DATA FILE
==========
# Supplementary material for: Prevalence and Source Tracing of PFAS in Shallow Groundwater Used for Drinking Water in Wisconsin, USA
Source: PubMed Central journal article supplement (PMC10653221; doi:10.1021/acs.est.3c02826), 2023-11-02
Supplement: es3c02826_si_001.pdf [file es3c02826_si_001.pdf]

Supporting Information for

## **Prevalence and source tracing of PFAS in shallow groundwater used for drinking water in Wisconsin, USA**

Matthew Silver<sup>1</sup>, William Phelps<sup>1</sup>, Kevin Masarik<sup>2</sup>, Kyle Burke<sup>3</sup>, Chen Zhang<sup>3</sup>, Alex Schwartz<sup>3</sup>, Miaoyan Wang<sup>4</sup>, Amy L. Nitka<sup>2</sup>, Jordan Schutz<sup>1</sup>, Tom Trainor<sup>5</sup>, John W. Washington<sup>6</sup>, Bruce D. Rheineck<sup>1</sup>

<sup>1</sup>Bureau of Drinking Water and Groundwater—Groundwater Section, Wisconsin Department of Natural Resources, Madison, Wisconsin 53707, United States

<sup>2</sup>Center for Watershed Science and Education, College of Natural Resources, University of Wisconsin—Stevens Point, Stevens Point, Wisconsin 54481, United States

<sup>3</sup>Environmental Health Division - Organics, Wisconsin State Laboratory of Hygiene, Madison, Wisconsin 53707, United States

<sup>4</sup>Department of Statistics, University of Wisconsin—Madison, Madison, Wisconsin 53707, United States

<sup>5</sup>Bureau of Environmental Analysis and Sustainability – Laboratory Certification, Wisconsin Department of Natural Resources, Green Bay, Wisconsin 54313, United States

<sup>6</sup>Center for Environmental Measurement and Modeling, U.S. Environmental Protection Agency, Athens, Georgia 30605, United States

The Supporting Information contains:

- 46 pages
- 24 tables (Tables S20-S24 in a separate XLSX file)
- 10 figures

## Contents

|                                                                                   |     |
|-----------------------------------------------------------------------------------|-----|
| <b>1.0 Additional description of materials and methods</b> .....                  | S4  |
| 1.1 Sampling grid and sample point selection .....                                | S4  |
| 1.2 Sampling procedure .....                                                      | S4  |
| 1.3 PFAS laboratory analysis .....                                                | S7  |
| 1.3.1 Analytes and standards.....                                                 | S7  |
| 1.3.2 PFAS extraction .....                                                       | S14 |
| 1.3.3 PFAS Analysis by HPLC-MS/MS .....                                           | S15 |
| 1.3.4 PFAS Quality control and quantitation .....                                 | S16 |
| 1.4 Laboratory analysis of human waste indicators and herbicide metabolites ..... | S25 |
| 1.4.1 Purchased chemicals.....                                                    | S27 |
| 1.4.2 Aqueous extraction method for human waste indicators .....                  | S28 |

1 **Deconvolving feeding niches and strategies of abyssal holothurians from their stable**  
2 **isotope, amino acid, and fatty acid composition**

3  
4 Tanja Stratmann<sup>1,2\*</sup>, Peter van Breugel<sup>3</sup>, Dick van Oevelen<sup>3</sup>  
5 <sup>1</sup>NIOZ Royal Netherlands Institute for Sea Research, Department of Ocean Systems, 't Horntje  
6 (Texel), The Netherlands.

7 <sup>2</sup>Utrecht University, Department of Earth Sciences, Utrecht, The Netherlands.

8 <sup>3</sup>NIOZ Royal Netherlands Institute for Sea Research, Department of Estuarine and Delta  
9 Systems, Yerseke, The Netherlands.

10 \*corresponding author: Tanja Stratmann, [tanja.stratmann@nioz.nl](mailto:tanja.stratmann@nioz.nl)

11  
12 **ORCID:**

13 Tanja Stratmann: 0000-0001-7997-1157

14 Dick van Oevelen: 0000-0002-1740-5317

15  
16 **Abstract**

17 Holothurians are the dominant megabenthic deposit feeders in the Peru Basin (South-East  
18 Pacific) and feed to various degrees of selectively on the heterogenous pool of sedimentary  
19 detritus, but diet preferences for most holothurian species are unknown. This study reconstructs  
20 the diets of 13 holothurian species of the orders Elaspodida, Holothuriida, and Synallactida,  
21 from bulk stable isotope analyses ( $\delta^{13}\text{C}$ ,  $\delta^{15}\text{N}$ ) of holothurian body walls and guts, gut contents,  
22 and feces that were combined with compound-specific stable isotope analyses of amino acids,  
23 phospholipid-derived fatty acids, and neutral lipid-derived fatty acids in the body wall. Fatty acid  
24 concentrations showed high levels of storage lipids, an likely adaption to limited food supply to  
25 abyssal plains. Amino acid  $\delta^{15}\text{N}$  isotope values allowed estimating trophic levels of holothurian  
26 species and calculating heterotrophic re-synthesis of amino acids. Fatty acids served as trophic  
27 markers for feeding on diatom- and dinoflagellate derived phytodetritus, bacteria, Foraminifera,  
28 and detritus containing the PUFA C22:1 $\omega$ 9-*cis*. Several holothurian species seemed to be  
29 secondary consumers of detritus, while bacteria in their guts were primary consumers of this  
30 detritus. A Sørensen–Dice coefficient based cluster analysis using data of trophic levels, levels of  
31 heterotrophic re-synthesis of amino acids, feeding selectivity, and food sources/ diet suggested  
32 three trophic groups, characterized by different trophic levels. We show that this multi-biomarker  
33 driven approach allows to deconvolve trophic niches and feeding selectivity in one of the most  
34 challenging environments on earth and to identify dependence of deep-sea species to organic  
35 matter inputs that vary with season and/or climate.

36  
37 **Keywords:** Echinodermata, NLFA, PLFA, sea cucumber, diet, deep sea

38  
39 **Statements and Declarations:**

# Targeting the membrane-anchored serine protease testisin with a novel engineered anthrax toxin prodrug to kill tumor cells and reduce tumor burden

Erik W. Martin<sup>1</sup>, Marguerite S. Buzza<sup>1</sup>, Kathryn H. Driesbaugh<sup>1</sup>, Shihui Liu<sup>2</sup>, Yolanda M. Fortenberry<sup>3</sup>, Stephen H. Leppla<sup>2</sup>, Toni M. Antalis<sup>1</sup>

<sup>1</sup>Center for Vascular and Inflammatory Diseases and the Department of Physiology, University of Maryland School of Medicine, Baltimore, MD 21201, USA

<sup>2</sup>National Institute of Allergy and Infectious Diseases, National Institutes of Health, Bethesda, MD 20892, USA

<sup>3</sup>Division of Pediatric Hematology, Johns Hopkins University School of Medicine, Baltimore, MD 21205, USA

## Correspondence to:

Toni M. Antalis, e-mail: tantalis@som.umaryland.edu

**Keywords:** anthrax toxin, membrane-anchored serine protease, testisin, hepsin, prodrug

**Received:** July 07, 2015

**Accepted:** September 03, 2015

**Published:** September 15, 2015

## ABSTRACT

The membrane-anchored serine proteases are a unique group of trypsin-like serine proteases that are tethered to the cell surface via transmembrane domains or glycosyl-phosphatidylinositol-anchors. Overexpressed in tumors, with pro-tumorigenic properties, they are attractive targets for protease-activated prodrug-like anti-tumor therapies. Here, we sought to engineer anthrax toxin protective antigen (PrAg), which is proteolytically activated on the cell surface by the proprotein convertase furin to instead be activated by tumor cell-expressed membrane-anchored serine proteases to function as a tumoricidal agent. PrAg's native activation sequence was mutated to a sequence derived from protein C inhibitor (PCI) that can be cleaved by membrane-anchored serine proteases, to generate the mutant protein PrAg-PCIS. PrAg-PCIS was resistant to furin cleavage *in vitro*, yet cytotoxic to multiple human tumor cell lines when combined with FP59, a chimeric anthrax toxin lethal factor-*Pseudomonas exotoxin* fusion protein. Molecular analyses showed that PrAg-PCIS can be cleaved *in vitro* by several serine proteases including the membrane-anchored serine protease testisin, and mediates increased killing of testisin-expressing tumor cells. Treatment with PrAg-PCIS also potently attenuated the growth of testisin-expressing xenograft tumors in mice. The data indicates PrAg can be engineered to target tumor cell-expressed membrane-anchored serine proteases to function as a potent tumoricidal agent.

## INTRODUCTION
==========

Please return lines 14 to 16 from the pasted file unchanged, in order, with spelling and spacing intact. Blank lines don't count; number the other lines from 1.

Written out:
- 46 pages
- 24 tables (Tables S20-S24 in a separate XLSX file)
- 10 figures